MILAN -- Giorgio Armani ended Milan's spring-summer fashion opening by short-circuiting the current '60s revival and plugging into a new wavelength for the '90s.

Showing shorts under everything from slinky black evening gowns and short beaded slip dresses to serious daytime jackets, Armani has once more made it possible for women to raise their arms in public without risking arrest for indecent exposure.

The evening shorts hug the legs just an inch or two below sexy beaded dance dresses. The daytime shorts are cut with wider legs and flutter below contrasting jackets with shirttail hemlines. A typical combination melds a blue-gray crepe jacket with taupe-colored shorts and a pale-blue chiffon wrap blouse. Or a coffee-colored silk jacket with cafe-au-lait shorts and an even lighter creamed-coffee tunic. The legs below are veiled in barely tinted stockings and the shoes are sling-back spectators with small heels.

In this season of spectacular shift dresses and body-skimming chemises, Armani's are the most refined. Sleeveless tissue-weight wool chemises close asymmetrically, drape gently to the side or fold across the front like a French coin purse. While Armani has always been famous for his relaxed sportswear, especially jackets, this collection marks his triumph as a dress designer -- for day and night.

Armani ignores the intense colors and prints of the '60s in favor of a more subdued palette, including many shades of gray, ocher, taupe, caramel, brown, white and navy. While shorts prevail, there are pants in the collection, most of them teamed with matching unconstructed jackets, often in navy blue. Men's striped neckties are worn as mufflers or tied around the neck and worn with shirtless jackets and shorts.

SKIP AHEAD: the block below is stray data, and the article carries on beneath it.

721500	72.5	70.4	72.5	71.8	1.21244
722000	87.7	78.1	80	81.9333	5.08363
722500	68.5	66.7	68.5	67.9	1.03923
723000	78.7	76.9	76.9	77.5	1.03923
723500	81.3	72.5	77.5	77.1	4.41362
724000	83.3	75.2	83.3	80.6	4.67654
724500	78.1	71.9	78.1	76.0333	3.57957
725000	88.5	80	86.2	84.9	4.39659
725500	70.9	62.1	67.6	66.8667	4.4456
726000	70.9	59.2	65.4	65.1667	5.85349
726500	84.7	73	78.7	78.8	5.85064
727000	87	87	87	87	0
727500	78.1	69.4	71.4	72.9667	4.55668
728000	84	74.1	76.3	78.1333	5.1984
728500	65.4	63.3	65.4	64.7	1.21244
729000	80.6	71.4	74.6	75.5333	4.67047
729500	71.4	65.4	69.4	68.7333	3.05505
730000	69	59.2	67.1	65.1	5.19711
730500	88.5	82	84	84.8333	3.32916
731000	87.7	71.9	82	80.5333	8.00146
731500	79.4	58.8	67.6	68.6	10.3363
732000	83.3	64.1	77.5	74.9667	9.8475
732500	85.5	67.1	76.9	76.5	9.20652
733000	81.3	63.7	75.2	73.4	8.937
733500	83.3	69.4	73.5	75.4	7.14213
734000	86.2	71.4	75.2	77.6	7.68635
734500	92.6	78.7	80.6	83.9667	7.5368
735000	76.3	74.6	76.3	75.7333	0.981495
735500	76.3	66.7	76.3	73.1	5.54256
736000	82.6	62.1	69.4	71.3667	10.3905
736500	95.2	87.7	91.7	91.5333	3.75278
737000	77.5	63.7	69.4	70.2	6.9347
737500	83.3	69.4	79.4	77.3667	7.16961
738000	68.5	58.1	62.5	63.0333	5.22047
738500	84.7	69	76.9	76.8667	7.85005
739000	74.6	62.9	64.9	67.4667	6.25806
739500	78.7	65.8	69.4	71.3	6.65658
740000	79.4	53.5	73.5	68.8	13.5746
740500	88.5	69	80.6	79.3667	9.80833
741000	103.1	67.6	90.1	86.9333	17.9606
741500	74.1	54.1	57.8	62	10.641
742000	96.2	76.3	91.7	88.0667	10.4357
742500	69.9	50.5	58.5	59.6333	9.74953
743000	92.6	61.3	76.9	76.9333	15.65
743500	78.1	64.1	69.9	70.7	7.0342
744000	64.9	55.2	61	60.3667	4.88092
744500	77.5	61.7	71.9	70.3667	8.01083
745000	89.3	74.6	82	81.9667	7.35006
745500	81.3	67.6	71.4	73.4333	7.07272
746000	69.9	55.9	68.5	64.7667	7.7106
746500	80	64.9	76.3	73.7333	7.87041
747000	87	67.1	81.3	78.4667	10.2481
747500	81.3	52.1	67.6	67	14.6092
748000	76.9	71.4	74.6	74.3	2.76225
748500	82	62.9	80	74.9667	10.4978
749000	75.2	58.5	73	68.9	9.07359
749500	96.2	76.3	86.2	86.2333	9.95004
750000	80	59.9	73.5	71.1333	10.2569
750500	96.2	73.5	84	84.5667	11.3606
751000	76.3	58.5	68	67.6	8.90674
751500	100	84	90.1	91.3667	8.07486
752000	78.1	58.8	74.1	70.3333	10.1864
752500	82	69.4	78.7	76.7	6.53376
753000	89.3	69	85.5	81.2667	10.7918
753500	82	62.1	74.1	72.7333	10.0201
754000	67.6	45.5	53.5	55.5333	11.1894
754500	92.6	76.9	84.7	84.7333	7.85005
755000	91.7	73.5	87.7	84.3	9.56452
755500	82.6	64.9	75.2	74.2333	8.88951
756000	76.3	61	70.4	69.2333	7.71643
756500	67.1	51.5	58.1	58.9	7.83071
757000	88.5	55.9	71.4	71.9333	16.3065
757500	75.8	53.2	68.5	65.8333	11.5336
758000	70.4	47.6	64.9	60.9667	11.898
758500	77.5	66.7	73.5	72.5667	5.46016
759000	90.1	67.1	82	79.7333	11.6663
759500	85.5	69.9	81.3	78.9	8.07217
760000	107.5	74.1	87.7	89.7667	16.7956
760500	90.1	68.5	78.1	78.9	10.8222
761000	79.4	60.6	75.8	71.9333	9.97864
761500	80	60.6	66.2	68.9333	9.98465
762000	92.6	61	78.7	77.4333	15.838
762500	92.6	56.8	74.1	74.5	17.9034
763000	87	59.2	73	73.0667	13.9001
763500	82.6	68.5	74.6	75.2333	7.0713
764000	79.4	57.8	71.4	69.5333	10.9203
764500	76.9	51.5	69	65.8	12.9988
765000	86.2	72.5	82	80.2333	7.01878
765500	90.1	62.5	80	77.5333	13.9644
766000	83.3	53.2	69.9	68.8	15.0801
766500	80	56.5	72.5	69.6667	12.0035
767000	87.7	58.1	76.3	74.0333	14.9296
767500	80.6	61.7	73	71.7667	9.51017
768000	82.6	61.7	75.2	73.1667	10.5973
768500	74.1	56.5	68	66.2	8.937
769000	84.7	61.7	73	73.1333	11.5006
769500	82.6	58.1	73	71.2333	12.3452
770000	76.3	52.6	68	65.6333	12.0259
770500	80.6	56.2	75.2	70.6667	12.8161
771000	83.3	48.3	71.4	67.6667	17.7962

Here are the overall spring-summer 1991 trends seen at the Milan shows, which ended Wednesday: The '60s swing back into style. Pucci. Gucci. Mini. Skinny. Pop. Op. Psychedelic prints. Wigs. Sleeveless shift dresses. Baby-doll coats. Black vinyl. Jean Shrimpton. Grace Kelly. Jackie Kennedy. Audrey Hepburn. They're all back. Again.

Led by Gianni Versace, whose enthusiasm for that decade continues unabated, Milan's '60s revival includes everything from Mario Valentino's leather hot pants to Krizia's patchwork shift dresses and Genny's big silk shirts in colorful Pucci-style prints worn over black tights. Black-and-white graphics are also a big part of this look back.

The leg show. Boldly printed leotards for day. Sequined and beaded pants and tights for night. Unitards day and night. Sexy, thigh-high stockings with corsets at Fendi and Dolce & Gabbana. And two new great ideas from Karl Lagerfeld for Fendi: Hiding cottage cheese thighs by layering a mini over stretch capri pants and covering errant bulges by veiling unitards with long, flyaway organza jackets. For executives and the ladies who lunch: Sheer, usually pale, stockings take over from opaques.